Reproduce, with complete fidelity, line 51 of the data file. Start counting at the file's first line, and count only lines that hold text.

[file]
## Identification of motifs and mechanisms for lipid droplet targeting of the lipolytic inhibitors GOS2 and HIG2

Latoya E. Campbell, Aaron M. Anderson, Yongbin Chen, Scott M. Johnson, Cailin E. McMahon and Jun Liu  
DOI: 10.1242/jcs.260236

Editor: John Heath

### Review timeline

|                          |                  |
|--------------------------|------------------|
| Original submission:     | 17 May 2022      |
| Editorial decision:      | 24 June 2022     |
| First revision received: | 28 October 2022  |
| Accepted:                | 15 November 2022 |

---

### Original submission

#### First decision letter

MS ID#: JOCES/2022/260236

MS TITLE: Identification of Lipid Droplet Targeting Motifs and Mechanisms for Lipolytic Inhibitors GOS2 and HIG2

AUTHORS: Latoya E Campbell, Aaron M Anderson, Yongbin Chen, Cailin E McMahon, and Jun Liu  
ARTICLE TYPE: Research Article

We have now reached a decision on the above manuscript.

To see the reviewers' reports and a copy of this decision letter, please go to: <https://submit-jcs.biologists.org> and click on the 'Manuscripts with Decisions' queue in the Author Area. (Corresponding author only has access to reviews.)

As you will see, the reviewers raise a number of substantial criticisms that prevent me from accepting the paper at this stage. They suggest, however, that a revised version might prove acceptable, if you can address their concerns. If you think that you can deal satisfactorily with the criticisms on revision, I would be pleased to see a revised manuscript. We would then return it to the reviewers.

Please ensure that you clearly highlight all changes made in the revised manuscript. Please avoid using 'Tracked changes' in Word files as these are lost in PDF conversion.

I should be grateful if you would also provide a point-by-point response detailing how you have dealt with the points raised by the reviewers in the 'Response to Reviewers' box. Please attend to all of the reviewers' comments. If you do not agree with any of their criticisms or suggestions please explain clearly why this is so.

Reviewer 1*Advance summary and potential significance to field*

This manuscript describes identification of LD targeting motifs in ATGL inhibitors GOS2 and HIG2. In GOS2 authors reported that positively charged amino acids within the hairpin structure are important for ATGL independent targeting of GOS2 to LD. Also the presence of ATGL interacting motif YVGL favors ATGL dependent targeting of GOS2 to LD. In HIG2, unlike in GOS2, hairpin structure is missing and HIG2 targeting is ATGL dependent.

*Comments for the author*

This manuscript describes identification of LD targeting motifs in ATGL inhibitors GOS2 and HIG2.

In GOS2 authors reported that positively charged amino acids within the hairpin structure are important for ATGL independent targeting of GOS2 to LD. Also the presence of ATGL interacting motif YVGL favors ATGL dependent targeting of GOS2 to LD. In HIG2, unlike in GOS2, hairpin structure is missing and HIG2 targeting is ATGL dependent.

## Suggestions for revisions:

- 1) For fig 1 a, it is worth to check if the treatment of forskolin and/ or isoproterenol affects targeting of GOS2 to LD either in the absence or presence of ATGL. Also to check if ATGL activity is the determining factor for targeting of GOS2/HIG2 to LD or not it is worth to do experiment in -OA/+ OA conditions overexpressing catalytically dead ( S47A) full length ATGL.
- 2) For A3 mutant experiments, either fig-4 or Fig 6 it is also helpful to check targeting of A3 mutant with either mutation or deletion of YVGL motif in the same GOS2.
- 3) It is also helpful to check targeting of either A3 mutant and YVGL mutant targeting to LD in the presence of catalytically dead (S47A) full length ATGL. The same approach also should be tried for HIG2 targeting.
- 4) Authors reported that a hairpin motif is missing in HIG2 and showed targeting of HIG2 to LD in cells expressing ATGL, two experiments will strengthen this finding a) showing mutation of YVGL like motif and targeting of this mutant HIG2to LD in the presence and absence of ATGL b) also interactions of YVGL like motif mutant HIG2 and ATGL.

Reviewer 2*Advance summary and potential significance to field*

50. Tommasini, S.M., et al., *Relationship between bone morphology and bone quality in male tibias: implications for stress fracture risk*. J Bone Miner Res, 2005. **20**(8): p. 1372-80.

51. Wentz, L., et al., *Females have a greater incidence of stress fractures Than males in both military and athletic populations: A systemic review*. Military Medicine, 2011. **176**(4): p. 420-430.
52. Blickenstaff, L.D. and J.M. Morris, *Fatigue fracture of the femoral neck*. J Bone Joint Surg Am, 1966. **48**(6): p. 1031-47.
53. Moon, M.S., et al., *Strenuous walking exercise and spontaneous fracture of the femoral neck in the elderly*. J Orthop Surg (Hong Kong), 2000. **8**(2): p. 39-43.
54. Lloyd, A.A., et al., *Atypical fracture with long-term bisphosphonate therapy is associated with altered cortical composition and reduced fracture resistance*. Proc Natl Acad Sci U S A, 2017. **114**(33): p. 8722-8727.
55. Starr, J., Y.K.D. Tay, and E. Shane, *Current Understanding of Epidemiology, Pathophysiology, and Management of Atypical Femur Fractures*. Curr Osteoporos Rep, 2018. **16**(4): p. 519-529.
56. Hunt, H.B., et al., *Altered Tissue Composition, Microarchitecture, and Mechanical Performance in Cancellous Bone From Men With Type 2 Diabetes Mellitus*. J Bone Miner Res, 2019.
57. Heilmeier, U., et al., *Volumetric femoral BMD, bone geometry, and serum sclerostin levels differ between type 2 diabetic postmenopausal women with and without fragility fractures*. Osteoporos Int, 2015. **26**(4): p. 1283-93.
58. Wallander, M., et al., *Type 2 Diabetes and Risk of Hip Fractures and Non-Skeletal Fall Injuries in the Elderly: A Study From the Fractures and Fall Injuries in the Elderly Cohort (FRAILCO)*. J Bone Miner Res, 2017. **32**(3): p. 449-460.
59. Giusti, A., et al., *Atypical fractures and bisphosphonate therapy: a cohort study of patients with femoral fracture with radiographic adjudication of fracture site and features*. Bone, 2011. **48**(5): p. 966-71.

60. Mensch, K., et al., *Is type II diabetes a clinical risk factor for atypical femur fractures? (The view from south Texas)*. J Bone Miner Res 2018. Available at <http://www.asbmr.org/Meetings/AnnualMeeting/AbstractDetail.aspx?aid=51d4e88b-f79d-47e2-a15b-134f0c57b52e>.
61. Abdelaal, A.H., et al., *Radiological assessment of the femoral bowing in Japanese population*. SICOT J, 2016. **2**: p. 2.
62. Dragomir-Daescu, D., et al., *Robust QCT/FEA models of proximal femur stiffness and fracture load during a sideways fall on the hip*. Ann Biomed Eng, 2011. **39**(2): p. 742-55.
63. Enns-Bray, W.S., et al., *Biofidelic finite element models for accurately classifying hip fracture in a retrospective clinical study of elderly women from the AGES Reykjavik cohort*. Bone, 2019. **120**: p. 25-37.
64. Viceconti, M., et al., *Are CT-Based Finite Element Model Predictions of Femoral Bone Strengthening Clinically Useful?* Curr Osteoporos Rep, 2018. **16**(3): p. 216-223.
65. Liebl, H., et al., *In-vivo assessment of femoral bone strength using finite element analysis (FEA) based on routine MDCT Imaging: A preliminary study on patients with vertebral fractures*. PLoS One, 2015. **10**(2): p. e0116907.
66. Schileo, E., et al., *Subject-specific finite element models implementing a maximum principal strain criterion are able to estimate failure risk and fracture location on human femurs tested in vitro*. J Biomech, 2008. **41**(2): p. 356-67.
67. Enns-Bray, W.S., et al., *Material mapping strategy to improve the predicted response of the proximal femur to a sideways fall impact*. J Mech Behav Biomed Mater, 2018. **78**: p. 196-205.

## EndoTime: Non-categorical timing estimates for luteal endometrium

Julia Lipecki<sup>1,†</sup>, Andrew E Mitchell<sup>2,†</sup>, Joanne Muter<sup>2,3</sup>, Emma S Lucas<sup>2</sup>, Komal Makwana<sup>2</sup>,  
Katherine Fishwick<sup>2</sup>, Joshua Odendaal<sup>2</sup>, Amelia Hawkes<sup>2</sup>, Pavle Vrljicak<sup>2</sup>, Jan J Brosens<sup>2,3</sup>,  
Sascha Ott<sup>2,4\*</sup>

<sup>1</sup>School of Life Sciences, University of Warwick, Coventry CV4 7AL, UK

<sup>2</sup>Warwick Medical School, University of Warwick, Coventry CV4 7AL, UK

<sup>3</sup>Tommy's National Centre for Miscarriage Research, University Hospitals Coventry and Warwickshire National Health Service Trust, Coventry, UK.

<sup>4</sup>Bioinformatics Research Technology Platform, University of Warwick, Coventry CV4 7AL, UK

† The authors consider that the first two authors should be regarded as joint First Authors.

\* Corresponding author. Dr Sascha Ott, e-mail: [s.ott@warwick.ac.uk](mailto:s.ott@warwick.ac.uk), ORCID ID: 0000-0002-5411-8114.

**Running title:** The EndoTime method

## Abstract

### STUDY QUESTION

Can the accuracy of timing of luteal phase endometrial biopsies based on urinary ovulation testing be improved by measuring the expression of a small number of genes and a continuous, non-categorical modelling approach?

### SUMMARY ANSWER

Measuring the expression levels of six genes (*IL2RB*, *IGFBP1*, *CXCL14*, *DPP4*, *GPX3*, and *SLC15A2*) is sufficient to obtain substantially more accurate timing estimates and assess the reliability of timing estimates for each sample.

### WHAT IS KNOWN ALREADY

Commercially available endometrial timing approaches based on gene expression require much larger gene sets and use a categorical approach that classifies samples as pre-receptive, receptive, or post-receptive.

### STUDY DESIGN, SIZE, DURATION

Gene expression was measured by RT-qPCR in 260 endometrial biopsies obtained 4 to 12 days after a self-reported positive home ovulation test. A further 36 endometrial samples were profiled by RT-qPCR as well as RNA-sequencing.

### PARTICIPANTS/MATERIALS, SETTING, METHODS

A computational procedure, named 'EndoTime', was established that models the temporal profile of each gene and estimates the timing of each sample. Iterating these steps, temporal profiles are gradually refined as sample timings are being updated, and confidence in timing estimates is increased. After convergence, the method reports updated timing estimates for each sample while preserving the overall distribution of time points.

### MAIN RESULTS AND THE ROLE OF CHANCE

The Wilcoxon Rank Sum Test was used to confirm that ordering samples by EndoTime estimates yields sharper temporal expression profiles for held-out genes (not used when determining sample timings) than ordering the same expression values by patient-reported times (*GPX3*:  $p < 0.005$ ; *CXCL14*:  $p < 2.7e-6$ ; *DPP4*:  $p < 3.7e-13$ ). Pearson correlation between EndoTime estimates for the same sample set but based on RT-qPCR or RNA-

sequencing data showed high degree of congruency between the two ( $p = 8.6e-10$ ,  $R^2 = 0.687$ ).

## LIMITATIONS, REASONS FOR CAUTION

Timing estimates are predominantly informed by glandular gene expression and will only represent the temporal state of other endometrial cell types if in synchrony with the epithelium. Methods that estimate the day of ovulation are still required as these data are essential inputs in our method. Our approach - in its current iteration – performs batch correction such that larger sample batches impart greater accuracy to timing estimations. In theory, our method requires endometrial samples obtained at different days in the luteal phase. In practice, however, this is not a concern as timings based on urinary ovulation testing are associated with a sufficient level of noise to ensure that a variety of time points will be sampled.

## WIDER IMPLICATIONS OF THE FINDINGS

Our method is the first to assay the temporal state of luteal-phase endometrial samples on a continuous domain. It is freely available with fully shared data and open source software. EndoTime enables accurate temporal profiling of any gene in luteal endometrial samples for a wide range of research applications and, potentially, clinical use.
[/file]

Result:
66. Schileo, E., et al., *Subject-specific finite element models implementing a maximum principal strain criterion are able to estimate failure risk and fracture location on human femurs tested in vitro*. J Biomech, 2008. **41**(2): p. 356-67.